An ancient scroll being scanned. Image courtesy University of Kentucky Scientists are proving you can judge a “book” without ever cracking open the cover. And by book, we mean a 2,000-year-old scroll buried after the eruption of Mt. Vesuvius. Over 260 years ago, archaeologists discovered hundreds of ancient scrolls left behind in an ancient library in Herculaneum, which was covered in volcanic material after the infamous eruption in 79 A.D. Unfortunately, these charred scrolls are next to impossible to open without destroying them, leaving their contents largely a mystery. But a new imaging technique allows researchers to see what’s written inside, without ever opening the delicate artifacts.
If At First You Don’t Succeed, You Should Stop
In the 18^th Century, Charles the Bourbon King of Naples sent an archeological team to Pompeii and Herculaneum to dig up artifacts after scattered discoveries by well diggers and treasure hunters. In 1752, this team discovered their first scrolls, and by 1754 they had discovered an entire library filled with scrolls inside an ancient villa. Finding the scrolls was well and good, but, of course, people wanted to know what was written. Over the centuries, various techniques were devised to unroll the scrolls, but they usually ended up destroying the brittle papyrus. So, archaeologists gave up on opening the texts to spare the culturally important artifacts. That is, until now.
A New Technique
For years, researchers have used X-ray technology to get a deeper look at anything from molecules to ancient tombs. Basically, you blast an object with X-rays, and different elements in the object reflect those X-ray beams back at different patterns. However, the Herculaneum scrolls presented a unique challenge: The scrolls were scorched and sealed, and the text was written with black, carbon-based ink. The current X-ray techniques weren’t enough detect the pattern variations between the ink and the papyrus, so researchers tried something new. Their new approach, called X-ray phase-contrast tomography (XPCT), builds a higher-definition image by detecting the slight relief between the letters and the papyrus. The letters rise just one hundred microns above the papyrus, but that’s enough to build a clearer picture than any other technique.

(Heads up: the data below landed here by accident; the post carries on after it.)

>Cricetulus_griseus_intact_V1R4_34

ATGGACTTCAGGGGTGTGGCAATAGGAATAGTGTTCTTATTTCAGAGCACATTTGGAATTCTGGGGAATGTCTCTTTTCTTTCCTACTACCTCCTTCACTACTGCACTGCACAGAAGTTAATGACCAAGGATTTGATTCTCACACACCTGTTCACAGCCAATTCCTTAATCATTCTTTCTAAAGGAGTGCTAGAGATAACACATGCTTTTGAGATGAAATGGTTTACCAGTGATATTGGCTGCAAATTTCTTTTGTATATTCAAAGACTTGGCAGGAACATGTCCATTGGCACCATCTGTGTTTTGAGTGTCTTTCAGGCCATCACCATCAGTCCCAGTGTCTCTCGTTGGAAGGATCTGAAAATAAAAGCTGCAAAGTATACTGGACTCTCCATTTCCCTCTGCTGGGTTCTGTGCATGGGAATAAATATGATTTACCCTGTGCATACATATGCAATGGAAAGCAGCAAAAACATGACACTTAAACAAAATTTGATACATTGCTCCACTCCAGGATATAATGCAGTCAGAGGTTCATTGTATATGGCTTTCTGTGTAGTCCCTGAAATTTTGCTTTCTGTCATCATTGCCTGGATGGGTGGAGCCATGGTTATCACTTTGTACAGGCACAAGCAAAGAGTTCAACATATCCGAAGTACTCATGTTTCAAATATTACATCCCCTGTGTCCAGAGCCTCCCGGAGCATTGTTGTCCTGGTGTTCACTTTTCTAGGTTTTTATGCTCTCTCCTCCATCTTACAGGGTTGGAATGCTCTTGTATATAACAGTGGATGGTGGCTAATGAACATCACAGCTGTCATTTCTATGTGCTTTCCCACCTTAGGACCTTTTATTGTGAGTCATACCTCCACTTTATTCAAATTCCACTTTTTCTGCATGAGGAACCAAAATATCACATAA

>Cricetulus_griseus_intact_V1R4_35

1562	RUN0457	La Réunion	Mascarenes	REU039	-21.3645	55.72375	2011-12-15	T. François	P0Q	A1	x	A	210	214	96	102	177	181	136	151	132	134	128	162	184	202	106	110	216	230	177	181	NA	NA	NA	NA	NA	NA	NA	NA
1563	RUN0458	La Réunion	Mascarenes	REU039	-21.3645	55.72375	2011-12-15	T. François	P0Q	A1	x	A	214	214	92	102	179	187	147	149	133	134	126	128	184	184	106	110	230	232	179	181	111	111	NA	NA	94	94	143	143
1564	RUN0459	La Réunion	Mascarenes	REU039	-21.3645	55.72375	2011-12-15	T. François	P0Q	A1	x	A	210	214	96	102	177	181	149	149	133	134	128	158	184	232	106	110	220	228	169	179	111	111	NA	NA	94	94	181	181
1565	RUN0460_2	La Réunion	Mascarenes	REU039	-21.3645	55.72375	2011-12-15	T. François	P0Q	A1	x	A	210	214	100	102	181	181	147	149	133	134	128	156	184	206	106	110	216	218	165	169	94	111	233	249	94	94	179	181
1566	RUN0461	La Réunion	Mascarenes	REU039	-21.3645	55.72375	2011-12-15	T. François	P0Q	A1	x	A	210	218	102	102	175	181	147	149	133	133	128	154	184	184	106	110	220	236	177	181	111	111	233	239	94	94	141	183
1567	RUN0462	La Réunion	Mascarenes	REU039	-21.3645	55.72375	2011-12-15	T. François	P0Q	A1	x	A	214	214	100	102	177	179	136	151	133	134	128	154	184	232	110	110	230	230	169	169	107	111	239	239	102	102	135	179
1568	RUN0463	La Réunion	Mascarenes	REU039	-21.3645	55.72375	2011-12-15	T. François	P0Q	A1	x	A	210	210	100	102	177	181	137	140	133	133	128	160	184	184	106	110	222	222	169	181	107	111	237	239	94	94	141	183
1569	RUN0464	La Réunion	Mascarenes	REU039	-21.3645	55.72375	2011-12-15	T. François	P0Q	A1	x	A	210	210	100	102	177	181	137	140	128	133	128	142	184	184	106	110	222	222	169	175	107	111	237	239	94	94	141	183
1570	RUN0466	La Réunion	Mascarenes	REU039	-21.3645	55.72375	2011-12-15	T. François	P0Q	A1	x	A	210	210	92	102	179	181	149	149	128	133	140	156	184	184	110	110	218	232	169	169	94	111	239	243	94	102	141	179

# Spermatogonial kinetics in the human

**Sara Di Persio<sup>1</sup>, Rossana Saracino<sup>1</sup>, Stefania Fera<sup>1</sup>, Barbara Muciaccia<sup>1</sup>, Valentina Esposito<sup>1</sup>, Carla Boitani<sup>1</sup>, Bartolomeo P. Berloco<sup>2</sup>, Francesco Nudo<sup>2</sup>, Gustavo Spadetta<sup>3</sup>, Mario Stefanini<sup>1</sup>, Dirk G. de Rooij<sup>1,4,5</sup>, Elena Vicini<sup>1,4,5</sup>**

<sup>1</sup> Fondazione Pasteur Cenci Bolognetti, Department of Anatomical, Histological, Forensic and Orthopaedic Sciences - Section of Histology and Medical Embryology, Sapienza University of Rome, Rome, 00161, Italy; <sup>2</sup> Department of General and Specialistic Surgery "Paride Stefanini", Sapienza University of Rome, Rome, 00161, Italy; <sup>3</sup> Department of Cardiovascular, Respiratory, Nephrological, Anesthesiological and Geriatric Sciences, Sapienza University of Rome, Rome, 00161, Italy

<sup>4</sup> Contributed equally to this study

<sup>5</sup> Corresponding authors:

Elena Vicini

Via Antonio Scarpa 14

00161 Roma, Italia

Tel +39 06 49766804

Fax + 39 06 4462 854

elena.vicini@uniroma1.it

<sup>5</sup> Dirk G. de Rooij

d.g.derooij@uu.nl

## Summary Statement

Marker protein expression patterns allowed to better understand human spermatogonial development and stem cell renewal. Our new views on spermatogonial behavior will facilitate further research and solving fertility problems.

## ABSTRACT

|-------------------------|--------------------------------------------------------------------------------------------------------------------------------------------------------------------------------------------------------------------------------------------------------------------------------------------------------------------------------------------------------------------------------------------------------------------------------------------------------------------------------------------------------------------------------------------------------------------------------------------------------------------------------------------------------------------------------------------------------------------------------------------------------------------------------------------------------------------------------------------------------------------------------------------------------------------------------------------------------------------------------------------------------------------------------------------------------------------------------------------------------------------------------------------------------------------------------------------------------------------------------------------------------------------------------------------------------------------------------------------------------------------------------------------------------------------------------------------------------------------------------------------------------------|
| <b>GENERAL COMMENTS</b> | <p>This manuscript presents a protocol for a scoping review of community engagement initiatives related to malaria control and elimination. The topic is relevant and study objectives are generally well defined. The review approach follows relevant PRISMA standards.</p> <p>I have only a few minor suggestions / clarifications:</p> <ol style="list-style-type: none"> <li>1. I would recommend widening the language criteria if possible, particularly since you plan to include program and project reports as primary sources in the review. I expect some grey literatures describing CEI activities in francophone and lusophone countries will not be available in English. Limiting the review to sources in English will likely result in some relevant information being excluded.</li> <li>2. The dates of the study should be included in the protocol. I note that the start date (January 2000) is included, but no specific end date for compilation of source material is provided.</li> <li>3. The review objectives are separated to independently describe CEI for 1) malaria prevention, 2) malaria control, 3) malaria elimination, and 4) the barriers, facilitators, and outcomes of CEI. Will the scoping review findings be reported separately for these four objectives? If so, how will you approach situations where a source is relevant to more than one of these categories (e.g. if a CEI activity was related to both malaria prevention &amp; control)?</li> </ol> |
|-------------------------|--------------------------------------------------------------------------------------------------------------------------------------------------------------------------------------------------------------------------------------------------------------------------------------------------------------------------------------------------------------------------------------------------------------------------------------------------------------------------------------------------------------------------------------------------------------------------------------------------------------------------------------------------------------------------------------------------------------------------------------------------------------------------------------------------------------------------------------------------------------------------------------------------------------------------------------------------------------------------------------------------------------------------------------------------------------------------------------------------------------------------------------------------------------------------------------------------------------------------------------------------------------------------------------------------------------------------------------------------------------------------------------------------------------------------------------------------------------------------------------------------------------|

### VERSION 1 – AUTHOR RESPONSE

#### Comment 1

Letters visualized inside the scroll. Image by Vito Mocella/ Nature Communications
We’re sorry, but it’s still going to be a while before the scrolls are completely interpreted. However, researchers’ new technique is an encouraging start. Using XPCT, researchers examined two scrolls and could clearly see letters that formed short phrases such as “would fall” or “to deny,” but not much more. The scrolls’ small sizes and numerous folds make it difficult to focus on every letter or gauge the letter’s orientation. But what's important is that researchers proved that you could peek inside these ancient scrolls without destroying them. They published their findings this week in the journal Nature Communications. Researchers have their work cut out for them if they want to get a complete read on the rest of the scrolls, but at least they have the right tool to do it.